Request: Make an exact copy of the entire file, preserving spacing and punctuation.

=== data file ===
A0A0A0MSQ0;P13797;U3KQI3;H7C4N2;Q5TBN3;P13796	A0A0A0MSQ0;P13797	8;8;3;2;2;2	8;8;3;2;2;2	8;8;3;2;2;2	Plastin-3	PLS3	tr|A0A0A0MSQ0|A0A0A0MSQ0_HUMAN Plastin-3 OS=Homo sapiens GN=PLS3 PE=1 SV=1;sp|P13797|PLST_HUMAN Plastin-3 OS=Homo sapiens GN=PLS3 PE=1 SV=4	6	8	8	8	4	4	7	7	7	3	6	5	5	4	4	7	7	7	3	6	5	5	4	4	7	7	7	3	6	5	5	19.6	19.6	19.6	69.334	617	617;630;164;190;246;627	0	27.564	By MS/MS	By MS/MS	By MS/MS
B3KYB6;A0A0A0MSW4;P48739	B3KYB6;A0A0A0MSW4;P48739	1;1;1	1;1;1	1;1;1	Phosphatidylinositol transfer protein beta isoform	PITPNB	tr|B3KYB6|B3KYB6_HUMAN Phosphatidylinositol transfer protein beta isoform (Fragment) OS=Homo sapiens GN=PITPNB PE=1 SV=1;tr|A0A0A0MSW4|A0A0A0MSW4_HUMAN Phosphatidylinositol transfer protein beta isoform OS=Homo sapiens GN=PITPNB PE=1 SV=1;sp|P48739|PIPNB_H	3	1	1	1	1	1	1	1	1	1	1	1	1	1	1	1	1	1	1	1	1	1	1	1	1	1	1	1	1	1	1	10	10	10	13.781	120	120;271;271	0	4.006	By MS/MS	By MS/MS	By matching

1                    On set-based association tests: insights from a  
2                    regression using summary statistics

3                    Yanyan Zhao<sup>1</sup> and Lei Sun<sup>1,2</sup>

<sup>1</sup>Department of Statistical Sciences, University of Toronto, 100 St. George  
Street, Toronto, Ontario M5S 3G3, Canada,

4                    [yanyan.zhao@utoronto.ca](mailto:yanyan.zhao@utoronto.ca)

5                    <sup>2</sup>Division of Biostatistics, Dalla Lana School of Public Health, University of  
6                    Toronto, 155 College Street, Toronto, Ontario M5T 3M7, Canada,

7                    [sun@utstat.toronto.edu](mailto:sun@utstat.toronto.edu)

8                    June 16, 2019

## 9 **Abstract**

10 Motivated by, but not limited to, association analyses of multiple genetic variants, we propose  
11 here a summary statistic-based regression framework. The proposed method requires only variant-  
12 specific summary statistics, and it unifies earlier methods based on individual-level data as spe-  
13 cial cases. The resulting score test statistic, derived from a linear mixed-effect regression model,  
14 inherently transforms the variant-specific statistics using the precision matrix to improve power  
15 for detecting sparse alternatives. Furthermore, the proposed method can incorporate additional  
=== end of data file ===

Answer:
A0A0A0MSQ0;P13797;U3KQI3;H7C4N2;Q5TBN3;P13796	A0A0A0MSQ0;P13797	8;8;3;2;2;2	8;8;3;2;2;2	8;8;3;2;2;2	Plastin-3	PLS3	tr|A0A0A0MSQ0|A0A0A0MSQ0_HUMAN Plastin-3 OS=Homo sapiens GN=PLS3 PE=1 SV=1;sp|P13797|PLST_HUMAN Plastin-3 OS=Homo sapiens GN=PLS3 PE=1 SV=4	6	8	8	8	4	4	7	7	7	3	6	5	5	4	4	7	7	7	3	6	5	5	4	4	7	7	7	3	6	5	5	19.6	19.6	19.6	69.334	617	617;630;164;190;246;627	0	27.564	By MS/MS	By MS/MS	By MS/MS
B3KYB6;A0A0A0MSW4;P48739	B3KYB6;A0A0A0MSW4;P48739	1;1;1	1;1;1	1;1;1	Phosphatidylinositol transfer protein beta isoform	PITPNB	tr|B3KYB6|B3KYB6_HUMAN Phosphatidylinositol transfer protein beta isoform (Fragment) OS=Homo sapiens GN=PITPNB PE=1 SV=1;tr|A0A0A0MSW4|A0A0A0MSW4_HUMAN Phosphatidylinositol transfer protein beta isoform OS=Homo sapiens GN=PITPNB PE=1 SV=1;sp|P48739|PIPNB_H	3	1	1	1	1	1	1	1	1	1	1	1	1	1	1	1	1	1	1	1	1	1	1	1	1	1	1	1	1	1	1	10	10	10	13.781	120	120;271;271	0	4.006	By MS/MS	By MS/MS	By matching

1                    On set-based association tests: insights from a  
2                    regression using summary statistics

3                    Yanyan Zhao<sup>1</sup> and Lei Sun<sup>1,2</sup>

<sup>1</sup>Department of Statistical Sciences, University of Toronto, 100 St. George  
Street, Toronto, Ontario M5S 3G3, Canada,

4                    [yanyan.zhao@utoronto.ca](mailto:yanyan.zhao@utoronto.ca)

5                    <sup>2</sup>Division of Biostatistics, Dalla Lana School of Public Health, University of  
6                    Toronto, 155 College Street, Toronto, Ontario M5T 3M7, Canada,

7                    [sun@utstat.toronto.edu](mailto:sun@utstat.toronto.edu)

8                    June 16, 2019

## 9 **Abstract**

10 Motivated by, but not limited to, association analyses of multiple genetic variants, we propose  
11 here a summary statistic-based regression framework. The proposed method requires only variant-  
12 specific summary statistics, and it unifies earlier methods based on individual-level data as spe-  
13 cial cases. The resulting score test statistic, derived from a linear mixed-effect regression model,  
14 inherently transforms the variant-specific statistics using the precision matrix to improve power  
15 for detecting sparse alternatives. Furthermore, the proposed method can incorporate additional  